I suspect that most people will treat the FSA’s warnings with weary cynicism. How many of us are really going to start roasting potatoes for hours at 120 degrees Celsius, or give up crinkle-cut crisps in favour of flat crisps, as the FSA advises? It is more likely that we will dismiss the acrylamide warning as the latest in a long line of attempts to convince us that everything we eat either causes or prevents cancer.

Ultimately, the endless procession of cancer scares has the effect of degrading the currency of health advice. Either we become hypochondriacs, afraid of everything, or we assume that scientists cannot agree on anything and dismiss all health advice as scaremongering. Neither outcome is desirable.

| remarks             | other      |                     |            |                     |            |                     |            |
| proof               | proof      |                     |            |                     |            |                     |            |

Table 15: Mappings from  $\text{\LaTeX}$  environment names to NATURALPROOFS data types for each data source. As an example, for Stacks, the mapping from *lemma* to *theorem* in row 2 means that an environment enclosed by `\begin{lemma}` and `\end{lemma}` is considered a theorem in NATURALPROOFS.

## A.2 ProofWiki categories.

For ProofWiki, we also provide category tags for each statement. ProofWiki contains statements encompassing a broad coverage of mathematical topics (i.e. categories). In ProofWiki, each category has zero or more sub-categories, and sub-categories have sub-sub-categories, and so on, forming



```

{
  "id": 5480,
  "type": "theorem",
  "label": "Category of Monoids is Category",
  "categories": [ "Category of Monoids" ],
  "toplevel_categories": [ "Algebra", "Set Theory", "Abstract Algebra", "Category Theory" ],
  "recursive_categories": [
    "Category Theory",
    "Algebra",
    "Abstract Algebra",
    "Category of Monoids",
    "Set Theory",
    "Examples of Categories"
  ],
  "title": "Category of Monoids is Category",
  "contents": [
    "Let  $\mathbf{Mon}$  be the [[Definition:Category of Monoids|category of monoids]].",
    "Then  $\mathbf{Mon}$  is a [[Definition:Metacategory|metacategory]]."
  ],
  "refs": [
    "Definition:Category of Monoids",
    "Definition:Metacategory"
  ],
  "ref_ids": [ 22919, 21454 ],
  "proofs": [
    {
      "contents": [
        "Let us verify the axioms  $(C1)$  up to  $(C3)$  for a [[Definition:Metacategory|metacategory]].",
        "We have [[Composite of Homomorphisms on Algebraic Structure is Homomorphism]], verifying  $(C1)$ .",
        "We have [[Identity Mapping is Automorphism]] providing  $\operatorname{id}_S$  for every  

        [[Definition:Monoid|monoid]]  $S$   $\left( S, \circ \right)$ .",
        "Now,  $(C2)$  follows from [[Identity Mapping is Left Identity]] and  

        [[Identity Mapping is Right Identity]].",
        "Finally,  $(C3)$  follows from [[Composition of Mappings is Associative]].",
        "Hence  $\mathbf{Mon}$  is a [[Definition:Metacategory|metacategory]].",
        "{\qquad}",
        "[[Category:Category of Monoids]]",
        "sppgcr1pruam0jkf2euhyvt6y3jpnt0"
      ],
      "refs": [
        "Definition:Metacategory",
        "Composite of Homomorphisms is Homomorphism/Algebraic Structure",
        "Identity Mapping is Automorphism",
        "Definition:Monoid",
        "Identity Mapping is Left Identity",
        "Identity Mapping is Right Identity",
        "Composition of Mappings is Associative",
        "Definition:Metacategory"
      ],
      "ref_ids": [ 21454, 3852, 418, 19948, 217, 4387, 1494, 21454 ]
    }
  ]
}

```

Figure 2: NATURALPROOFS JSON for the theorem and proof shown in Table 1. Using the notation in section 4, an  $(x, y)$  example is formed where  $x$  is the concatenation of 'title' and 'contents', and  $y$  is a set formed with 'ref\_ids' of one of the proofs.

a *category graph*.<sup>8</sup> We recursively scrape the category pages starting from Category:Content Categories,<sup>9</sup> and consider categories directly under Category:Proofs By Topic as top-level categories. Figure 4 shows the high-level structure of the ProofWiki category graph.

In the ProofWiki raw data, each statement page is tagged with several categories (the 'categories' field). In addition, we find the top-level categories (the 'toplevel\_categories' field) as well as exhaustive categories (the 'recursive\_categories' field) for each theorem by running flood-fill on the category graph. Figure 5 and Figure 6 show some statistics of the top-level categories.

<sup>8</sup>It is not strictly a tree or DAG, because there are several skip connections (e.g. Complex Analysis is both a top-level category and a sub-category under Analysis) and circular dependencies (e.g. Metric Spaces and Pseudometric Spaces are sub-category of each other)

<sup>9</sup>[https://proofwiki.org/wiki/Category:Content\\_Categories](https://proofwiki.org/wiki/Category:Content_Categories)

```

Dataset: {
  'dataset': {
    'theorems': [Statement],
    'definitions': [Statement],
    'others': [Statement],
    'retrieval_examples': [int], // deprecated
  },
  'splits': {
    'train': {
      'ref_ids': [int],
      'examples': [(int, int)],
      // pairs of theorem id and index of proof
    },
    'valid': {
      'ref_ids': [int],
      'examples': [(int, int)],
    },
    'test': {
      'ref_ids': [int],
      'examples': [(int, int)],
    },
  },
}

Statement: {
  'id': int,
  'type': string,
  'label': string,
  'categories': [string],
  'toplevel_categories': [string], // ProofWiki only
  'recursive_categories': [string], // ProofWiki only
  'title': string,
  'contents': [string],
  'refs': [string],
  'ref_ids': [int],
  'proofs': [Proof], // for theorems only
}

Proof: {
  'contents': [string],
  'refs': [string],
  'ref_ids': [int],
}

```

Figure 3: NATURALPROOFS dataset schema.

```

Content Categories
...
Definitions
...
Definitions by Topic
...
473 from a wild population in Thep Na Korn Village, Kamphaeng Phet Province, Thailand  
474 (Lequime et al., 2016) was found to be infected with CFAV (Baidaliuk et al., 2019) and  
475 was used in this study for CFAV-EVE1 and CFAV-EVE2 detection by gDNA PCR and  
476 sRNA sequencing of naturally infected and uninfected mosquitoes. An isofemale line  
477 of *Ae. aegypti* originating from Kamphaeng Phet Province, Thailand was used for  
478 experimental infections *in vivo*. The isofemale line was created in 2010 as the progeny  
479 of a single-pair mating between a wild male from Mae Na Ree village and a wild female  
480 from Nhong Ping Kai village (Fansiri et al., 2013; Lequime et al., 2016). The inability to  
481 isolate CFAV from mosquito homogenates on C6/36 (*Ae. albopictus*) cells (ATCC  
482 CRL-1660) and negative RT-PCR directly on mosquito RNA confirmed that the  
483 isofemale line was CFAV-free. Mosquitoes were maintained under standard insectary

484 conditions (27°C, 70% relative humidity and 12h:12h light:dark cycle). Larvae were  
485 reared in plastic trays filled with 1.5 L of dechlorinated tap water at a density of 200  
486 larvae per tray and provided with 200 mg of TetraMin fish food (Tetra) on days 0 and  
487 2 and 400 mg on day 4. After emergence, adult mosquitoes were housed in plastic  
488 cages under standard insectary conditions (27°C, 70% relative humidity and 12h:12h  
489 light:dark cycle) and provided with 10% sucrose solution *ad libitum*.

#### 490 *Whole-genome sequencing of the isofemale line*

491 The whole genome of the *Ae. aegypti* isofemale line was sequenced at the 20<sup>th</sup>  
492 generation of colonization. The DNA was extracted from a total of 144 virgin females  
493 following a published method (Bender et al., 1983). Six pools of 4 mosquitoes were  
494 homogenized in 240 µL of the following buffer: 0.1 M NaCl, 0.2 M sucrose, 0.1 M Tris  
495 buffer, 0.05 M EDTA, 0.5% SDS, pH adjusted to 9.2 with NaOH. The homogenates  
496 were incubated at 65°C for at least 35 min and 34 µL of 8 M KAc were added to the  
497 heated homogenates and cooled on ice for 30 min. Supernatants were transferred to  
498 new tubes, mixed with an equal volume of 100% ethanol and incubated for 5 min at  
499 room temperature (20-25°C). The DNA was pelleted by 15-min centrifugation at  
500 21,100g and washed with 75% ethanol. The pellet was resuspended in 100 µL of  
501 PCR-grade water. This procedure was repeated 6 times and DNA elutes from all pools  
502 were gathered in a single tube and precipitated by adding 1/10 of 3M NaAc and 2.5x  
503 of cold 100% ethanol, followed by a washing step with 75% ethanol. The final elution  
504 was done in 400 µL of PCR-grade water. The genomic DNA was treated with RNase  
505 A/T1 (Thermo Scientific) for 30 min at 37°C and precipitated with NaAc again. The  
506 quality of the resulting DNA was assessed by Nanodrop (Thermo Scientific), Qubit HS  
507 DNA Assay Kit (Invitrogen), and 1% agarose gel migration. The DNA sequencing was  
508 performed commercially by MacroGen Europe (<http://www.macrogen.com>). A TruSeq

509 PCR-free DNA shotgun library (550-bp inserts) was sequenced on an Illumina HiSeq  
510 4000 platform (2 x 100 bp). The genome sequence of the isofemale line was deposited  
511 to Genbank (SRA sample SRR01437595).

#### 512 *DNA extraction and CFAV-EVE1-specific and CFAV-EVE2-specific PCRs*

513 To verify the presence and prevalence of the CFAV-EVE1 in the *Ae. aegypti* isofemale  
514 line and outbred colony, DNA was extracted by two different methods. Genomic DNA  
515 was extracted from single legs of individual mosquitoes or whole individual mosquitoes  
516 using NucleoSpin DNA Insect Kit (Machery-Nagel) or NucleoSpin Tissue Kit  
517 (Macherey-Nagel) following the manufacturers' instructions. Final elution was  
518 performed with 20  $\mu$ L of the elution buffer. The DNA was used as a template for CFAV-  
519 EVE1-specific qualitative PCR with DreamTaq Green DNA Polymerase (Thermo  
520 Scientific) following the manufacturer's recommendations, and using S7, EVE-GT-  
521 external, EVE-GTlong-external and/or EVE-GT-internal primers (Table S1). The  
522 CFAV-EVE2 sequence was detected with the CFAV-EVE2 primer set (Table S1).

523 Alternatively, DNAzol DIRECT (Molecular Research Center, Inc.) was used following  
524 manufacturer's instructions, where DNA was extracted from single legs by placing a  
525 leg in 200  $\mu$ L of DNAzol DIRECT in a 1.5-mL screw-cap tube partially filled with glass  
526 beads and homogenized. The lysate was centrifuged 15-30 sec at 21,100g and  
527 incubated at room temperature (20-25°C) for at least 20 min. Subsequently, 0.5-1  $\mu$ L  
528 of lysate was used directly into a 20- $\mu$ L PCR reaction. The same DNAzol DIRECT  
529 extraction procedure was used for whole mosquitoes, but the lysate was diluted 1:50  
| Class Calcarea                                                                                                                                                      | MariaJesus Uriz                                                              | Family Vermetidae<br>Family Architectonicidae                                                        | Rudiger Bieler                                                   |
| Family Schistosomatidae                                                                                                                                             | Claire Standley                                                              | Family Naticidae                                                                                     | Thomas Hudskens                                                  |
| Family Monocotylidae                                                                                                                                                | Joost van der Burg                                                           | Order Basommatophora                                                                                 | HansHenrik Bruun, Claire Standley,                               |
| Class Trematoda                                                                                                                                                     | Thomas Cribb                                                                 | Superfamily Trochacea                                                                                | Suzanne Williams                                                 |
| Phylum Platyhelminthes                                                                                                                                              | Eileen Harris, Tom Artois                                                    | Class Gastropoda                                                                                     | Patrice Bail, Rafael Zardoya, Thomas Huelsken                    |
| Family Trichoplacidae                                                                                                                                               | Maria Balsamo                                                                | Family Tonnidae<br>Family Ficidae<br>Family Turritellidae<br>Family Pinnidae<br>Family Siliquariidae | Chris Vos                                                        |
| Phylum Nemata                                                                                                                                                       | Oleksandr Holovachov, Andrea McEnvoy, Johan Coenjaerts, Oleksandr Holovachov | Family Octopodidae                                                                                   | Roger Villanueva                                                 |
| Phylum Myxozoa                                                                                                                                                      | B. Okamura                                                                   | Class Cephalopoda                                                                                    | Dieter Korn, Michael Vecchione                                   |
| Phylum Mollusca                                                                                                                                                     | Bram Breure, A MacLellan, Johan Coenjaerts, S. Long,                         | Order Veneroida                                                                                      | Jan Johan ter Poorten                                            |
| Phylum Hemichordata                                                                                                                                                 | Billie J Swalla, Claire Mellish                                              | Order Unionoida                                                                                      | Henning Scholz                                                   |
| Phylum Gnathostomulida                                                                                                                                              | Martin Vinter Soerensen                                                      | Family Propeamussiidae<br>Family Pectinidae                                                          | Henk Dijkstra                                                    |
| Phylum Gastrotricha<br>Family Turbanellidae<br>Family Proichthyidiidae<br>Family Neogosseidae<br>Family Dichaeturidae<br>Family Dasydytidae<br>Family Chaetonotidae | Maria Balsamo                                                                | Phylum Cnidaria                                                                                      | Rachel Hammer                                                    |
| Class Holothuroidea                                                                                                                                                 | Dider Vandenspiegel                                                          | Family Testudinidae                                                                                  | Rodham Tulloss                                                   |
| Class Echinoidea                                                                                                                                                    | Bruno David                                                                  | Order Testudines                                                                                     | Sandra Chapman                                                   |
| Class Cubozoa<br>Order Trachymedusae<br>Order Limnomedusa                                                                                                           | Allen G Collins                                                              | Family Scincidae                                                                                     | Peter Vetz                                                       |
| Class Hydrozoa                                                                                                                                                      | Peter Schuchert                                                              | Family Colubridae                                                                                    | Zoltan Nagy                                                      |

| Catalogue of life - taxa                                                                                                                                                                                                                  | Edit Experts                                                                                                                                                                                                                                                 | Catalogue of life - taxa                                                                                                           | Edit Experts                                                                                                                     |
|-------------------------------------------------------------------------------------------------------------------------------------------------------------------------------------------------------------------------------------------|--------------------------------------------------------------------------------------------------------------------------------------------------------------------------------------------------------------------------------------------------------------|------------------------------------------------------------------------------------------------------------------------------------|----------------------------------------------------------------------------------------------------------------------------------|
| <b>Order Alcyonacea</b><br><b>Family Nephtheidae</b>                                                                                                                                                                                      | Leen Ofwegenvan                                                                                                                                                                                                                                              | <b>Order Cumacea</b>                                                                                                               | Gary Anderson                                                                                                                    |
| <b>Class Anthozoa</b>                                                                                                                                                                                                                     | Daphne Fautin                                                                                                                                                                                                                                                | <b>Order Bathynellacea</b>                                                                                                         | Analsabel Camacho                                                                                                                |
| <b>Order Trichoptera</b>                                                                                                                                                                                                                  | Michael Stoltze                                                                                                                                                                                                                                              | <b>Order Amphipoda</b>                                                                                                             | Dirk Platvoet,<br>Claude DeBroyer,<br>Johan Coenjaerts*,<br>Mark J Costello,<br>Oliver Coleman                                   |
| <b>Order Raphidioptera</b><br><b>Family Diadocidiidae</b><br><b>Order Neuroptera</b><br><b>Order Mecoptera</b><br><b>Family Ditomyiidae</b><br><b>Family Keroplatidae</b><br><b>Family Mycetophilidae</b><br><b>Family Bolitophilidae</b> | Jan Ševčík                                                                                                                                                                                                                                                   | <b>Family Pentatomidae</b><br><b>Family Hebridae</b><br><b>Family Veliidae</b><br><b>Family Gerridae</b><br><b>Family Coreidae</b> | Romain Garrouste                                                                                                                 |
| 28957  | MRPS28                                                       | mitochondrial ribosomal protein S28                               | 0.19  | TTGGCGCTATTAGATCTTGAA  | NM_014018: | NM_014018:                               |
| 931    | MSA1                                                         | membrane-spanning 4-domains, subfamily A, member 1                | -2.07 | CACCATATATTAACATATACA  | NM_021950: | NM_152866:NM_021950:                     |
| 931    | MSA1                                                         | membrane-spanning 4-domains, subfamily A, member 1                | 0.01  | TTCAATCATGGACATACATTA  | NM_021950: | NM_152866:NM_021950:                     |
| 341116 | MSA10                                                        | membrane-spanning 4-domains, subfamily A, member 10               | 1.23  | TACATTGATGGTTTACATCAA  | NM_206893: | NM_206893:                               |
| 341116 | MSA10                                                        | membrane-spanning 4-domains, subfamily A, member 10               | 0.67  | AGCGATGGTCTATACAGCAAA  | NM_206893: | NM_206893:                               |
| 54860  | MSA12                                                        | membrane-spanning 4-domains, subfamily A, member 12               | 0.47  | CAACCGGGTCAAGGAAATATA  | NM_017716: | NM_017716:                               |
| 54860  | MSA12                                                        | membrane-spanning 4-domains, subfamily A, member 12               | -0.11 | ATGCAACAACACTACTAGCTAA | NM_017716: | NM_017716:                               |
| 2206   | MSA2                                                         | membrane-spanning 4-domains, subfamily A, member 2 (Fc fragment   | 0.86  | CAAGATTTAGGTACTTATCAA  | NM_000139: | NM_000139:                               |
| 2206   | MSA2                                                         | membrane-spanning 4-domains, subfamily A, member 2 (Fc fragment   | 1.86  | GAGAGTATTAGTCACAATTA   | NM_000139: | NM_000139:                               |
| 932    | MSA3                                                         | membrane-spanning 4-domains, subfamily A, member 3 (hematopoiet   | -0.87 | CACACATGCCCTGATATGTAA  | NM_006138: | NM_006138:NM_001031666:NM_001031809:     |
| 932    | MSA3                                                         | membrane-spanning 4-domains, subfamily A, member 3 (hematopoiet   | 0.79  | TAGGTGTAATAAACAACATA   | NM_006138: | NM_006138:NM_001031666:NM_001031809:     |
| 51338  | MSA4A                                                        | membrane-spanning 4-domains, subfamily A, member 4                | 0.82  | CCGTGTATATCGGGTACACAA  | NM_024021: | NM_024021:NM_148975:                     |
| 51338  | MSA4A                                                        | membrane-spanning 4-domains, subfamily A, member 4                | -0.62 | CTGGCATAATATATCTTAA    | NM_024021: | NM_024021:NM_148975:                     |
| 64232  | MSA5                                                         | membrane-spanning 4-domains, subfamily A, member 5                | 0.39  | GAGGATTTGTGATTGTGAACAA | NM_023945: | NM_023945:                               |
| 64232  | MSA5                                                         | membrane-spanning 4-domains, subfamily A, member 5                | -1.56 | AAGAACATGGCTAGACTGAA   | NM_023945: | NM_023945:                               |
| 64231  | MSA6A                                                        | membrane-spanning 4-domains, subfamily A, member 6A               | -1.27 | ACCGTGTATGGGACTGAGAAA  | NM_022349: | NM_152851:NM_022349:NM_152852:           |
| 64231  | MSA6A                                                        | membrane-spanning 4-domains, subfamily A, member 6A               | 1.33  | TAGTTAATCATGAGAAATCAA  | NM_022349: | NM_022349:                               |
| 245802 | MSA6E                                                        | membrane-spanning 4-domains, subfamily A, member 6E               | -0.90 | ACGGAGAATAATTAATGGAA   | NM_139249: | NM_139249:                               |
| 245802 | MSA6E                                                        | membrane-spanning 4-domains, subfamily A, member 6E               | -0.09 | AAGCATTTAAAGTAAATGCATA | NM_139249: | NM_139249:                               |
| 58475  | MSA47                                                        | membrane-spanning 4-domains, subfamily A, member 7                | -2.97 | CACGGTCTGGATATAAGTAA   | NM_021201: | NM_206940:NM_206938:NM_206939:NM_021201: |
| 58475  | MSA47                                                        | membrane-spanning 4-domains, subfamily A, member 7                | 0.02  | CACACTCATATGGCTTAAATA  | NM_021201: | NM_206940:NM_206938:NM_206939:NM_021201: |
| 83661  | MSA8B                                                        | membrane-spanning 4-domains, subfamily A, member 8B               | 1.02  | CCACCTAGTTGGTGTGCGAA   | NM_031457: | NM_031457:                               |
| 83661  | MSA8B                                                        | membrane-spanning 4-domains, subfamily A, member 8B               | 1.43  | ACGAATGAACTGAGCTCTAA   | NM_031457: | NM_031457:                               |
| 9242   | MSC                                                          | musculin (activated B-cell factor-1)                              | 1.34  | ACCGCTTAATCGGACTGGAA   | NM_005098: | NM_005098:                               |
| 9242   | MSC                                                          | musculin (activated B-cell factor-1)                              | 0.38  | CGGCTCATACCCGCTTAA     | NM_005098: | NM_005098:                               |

• Halo

    Given the many times that we are told things are good for us only to be told later that they are bad for us, nowadays, “news” like this is automatically ignored

    • Quentin Macaque

      No it isn’t

      • Malcolm Knott

        Oh yes it is!

        • Ahobz

          It’s that time of year.

  • Joey Joe-Joe Junior Shabadoo

    t’would be racist not to eat blackened toast.

    • IainRMuir

      Excuse me, you racist b*****d, it’s “toast of colour”.

      Thank you.

      • fmed8

        Crumbs !

      • Dave

        Off white?

  • plainsdrifter

    The FSA; garbage in, garbage out.

  • Laura J

    Not to be racist either, I prefer my toast with an egg, ham, cheese on a leafy bed of spinach. I do ten to burn popcorn, though. LOL!

  • Malcolm Knott

    Nice little space-filler for journalists on a quiet news day.

  • mmac1968

    You say there is no risk but my grandfather ate roast potatoes & burnt toast and he was sadly taken from us aged 93.

    • Hermine Funkington-Rumpelstilz